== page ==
Monday, December 14, 2009

QBQ! Chapter One: A Picture of Personal Accountability (part one)

The entirely of the two opening pages of this seven-page chapter (don't worry, they get much shorter as the book progresses and John G. Miller loses just as much patience with this nonsense as we do) is wasted on inept, and not coincidentally pointless, scene-setting. "It was a beautiful day in downtown Minneapolis when..." That kind of thing. The point is, our mustachioed hero has stepped into a busy restaurant and demanded (or, as he would have it, asked, politely, "with a smile," for) a Diet Coke®; upon learning that the restaurant lives on the Pepsi side of town, he changes his request to water. Some time passes and then:
Suddenly, there was a blur of activity off to my left, the "wind of enthusiasm" stirred behind me, and then, over my right shoulder stretched "the long arm of service," delivering a twenty-ounce bottle, frosty on the outside, cold on the inside, of--you guessed it--Diet Coke!
First of all, let me assure you that I am not fucking kidding you about that style. That is a direct quote. Much of my objection to the style is I'm sure obvious, but I do want to explicitly point out one thing: normally the construction "____ on the outside, ____ on the inside" is used to describe contrast; if a bottle is frosty on the outside, what else would the contents be but cold? Anyway. I should get to the point, lest I waste more words than Mr. Miller himself.

So what it boils down to is that this waiter, I can only assume in a temporary lapse of judgment, decided that this guy really needs his Diet Coke®, rather than the indistinguishable Diet Pepsi® they serve or the infinitely smarter choice of water that he ended up ordering, and so takes one of his own personal dollars and purchases him a bottle of soda from the "grocery store around the corner." "My first thought was 'Hire this man!'" John G. Miller tells us; my first thought would have been more along the lines of "why the hell would he do that," but OK.

Now we come to some hilarity. Apparently, the waiter did not go to the grocery store himself:
By then I was thinking profound and professional thoughts like "Cool!" But what I said was, "Come on, you've been awfully busy. How did you have time to go get it?" Smiling and seemingly growing taller before my eyes, he said, "I didn't, sir. I sent my manager!"

I couldn't believe it. Was that empowerment or what?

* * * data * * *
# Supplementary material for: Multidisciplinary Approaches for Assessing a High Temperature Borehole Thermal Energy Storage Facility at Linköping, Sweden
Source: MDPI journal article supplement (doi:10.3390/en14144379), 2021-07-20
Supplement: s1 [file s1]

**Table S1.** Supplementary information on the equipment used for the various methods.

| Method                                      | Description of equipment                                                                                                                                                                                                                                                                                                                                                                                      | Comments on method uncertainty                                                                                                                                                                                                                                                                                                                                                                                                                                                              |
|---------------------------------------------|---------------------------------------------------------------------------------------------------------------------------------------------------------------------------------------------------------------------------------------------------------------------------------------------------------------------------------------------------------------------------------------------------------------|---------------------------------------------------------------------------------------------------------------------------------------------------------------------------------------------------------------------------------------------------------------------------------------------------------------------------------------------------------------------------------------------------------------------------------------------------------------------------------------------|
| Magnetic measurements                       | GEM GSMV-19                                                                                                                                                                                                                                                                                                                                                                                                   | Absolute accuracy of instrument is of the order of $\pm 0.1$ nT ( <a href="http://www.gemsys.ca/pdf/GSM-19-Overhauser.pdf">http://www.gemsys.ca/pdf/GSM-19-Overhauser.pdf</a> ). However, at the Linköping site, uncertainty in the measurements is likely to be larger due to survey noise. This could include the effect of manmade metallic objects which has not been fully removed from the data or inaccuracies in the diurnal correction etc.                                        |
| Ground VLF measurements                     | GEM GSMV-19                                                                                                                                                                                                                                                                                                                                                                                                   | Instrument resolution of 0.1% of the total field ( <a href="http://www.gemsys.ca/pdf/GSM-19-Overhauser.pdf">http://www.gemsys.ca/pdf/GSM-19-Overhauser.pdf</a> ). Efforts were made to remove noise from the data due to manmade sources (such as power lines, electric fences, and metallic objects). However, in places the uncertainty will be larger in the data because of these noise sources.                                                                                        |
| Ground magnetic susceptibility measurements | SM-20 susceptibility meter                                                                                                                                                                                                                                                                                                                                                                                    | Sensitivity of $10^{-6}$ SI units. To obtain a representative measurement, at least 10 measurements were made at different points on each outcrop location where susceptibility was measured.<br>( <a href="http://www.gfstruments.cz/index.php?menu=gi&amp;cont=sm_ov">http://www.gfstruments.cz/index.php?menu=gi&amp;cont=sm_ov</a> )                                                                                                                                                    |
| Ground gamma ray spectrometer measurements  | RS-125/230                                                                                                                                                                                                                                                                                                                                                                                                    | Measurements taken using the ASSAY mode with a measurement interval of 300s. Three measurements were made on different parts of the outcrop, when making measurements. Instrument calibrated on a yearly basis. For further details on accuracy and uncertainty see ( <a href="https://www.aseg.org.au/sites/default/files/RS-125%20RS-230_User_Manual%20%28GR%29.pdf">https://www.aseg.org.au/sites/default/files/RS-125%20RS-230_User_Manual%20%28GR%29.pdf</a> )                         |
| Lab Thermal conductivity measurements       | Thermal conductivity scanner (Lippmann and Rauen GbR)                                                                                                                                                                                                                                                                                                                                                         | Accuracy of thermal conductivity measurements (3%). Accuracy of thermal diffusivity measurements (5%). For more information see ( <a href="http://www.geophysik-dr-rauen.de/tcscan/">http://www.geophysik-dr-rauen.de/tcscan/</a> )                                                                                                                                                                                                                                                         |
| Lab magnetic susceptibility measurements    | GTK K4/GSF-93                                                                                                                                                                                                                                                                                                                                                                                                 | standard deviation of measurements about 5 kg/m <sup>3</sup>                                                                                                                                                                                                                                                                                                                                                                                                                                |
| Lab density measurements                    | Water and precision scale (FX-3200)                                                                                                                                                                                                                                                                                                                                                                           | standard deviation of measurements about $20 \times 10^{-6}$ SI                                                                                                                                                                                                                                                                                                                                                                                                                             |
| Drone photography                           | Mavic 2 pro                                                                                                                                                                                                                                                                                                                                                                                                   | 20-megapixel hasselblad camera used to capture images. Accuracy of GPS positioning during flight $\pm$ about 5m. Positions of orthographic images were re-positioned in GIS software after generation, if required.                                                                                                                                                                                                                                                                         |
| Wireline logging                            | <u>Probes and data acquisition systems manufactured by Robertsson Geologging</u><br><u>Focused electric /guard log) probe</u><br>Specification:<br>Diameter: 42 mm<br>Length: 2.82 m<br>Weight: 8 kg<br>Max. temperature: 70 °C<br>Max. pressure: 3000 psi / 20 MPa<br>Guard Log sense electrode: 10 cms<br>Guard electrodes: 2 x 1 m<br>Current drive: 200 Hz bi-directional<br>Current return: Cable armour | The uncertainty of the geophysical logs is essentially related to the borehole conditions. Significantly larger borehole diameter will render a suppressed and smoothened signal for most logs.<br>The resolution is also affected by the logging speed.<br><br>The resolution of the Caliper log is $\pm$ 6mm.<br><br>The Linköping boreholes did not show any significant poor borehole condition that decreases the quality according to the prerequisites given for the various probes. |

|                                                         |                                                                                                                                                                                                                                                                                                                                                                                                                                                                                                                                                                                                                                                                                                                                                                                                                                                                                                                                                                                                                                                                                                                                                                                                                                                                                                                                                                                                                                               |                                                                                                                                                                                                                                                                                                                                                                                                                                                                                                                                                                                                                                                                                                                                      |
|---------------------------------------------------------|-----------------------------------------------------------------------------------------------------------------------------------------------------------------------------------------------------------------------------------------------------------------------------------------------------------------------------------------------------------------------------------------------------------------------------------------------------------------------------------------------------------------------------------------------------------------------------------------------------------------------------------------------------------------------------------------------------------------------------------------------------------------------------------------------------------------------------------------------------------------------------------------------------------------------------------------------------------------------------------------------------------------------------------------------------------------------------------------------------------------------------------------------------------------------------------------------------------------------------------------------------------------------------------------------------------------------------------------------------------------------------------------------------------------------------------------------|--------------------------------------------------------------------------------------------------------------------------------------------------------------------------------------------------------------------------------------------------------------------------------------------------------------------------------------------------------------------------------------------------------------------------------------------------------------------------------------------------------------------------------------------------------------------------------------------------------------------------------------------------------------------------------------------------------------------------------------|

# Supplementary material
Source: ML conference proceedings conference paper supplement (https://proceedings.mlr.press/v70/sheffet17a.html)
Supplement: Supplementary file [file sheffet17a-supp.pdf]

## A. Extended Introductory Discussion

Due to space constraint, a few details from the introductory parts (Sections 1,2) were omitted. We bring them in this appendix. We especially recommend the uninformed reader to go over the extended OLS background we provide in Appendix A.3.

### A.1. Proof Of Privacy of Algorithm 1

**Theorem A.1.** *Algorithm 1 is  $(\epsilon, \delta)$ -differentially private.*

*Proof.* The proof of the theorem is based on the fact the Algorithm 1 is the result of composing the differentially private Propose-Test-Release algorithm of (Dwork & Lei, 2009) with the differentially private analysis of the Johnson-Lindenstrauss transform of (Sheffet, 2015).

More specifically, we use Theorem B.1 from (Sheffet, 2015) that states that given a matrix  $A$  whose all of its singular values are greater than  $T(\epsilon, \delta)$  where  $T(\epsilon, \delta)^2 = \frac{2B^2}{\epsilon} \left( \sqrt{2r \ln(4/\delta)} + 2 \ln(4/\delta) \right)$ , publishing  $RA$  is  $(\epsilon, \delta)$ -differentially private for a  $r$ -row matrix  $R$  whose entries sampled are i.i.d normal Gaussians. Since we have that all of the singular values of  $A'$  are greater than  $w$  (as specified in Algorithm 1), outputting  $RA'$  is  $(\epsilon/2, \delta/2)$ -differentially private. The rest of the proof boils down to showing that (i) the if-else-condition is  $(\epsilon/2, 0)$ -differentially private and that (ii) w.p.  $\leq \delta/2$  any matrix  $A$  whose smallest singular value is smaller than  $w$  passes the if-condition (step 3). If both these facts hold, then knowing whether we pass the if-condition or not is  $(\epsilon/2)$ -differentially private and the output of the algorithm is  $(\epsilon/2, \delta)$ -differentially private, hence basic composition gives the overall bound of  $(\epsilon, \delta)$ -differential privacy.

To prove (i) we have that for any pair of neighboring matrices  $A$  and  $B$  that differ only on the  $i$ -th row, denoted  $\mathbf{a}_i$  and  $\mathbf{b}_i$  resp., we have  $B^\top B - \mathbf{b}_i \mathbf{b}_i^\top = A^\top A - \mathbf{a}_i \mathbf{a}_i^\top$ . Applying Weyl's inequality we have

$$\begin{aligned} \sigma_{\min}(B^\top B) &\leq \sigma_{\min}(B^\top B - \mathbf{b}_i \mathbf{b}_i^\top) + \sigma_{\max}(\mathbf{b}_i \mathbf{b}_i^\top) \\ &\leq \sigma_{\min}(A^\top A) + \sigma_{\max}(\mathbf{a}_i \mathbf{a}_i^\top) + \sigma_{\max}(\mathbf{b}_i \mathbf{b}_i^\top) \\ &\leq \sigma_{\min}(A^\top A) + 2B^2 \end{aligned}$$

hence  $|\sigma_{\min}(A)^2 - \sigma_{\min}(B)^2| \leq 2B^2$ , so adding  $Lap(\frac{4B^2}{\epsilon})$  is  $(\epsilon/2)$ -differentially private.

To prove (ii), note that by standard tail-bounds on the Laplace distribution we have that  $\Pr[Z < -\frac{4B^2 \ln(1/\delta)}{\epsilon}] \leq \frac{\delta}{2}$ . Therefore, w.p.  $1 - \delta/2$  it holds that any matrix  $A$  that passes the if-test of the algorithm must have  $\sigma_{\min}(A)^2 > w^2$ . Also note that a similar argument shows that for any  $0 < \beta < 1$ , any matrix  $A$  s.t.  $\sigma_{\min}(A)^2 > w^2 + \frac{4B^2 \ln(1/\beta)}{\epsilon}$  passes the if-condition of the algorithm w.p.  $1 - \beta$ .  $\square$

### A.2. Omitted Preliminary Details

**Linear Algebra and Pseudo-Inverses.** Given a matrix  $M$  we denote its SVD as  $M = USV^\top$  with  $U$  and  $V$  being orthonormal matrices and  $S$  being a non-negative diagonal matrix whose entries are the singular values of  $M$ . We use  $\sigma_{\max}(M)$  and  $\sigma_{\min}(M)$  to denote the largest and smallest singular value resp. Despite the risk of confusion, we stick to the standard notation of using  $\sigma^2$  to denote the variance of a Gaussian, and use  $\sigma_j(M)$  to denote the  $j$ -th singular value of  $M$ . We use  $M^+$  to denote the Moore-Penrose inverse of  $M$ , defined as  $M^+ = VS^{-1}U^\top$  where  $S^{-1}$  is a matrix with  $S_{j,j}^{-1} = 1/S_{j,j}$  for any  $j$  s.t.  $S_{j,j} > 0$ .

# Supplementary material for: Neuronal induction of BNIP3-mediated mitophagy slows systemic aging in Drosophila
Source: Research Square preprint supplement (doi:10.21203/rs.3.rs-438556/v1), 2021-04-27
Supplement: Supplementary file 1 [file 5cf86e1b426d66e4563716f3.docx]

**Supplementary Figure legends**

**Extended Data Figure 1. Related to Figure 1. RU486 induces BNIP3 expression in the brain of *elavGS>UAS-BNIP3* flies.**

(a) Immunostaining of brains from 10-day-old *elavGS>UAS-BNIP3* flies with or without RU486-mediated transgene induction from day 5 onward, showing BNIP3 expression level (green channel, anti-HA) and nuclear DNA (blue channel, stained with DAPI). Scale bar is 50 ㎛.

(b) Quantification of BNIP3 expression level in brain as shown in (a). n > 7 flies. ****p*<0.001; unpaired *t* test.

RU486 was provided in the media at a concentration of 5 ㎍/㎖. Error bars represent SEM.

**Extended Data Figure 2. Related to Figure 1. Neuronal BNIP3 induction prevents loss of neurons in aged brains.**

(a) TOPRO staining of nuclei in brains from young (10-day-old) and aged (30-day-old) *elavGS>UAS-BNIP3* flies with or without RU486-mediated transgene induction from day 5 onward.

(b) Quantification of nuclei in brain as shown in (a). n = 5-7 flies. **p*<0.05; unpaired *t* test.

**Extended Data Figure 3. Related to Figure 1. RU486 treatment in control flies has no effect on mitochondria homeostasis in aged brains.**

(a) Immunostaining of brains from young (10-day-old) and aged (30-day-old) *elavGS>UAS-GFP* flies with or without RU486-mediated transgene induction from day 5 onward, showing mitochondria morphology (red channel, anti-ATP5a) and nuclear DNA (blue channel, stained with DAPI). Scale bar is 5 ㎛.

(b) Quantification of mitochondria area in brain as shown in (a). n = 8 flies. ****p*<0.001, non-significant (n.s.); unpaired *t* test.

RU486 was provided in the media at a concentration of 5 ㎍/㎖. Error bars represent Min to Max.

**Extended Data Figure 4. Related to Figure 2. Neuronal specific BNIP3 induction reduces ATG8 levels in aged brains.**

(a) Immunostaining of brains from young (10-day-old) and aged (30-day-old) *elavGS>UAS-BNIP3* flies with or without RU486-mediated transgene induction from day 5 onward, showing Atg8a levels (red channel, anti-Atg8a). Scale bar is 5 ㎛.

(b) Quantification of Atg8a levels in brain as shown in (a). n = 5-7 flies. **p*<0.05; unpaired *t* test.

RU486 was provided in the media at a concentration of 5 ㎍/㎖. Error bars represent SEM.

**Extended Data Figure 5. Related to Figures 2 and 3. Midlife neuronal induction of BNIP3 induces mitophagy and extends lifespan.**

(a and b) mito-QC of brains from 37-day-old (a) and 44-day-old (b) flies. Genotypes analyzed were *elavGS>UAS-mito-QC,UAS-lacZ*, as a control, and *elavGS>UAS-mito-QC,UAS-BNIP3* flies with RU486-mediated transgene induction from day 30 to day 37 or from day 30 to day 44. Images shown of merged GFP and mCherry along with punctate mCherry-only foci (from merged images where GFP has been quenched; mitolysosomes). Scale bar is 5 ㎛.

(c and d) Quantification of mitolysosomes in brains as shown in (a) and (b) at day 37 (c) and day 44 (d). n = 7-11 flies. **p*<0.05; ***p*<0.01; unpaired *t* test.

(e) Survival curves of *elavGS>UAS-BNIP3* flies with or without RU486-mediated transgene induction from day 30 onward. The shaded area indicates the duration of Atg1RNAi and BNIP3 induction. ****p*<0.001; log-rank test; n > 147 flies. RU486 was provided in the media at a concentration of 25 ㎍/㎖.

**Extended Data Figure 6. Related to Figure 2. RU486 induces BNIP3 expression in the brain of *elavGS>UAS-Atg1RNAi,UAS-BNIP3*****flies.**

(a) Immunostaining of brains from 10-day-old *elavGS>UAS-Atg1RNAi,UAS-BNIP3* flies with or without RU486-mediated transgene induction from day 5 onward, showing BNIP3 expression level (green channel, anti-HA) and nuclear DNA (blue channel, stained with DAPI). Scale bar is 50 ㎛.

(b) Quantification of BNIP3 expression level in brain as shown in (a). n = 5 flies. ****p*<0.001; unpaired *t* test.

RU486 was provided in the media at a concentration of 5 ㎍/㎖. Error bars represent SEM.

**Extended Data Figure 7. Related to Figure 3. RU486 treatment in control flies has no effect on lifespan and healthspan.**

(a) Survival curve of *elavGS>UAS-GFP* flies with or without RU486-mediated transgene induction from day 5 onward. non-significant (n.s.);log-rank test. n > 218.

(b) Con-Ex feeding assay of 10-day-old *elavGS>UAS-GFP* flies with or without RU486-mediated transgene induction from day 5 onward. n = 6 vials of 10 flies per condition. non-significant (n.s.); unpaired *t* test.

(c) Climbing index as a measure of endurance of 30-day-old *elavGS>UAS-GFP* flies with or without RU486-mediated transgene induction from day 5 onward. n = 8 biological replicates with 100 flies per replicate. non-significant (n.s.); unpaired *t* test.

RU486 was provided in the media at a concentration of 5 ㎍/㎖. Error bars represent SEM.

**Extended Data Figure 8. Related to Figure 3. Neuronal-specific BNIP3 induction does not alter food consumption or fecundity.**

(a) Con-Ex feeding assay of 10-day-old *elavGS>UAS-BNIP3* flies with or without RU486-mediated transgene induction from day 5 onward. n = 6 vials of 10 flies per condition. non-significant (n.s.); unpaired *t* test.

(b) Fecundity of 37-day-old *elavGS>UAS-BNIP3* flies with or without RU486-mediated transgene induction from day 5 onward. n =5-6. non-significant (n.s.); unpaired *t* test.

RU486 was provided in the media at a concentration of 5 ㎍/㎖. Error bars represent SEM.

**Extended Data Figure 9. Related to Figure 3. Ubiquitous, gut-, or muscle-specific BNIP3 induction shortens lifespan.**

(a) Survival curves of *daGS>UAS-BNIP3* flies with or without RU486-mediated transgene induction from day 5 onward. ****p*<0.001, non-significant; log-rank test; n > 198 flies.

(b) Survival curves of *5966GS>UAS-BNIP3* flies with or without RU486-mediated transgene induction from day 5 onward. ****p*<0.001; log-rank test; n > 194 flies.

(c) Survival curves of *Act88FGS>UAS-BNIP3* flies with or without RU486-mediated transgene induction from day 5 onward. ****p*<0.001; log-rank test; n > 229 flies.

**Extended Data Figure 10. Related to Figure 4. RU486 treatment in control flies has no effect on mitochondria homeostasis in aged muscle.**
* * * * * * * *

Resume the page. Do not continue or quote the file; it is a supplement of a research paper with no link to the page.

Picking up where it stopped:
Given the options, Mr. Miller, I'm going with "what." If we have defined "empowerment" down to the level of asking our master to help us better prostrate ourselves before rich fuckers, then we might as well empower ourselves with nooses.

The next part of the chapter (I believe this is the only chapter long enough that it can be considered to have "parts") "take(s) a look at my server's thinking and the choices he made." In order not to make this post nine thousand words long (I wish I could avoid being overly wordy and digressive, but I seem to be incapable), I will cover that part of the chapter, and what I consider a more likely interpretation of the event than the one Mr. Miller presents us with, in the next installment.

QBQ! Table of Contents


JRB said...

The line about empowering ourselves with nooses killed me! I also appreciated your note about "contrast" constructions. "Frosty on the outside" -- I honestly wonder if books like this are computer-generated at some level.

If you get the chance, check out Amazon's John G. Miller page -- in particular, the post "Excuses: They're Everywhere!"

Ethan said...

Hm, I hope your theory about computerized writing is wrong, because the face of John G. Miller is a much more satisfying target for my hatred than some algorithm.

And holy blog! Speaking of faces--that picture on Amazon is mustacheless! I am staggered. And also pissed that I can't figure out a way to add an RSS of that blog to my reader. He updates infrequently enough (every 18 months or so, he's worse than me) that I'll never remember to check it, and it's a goddamn treasure trove.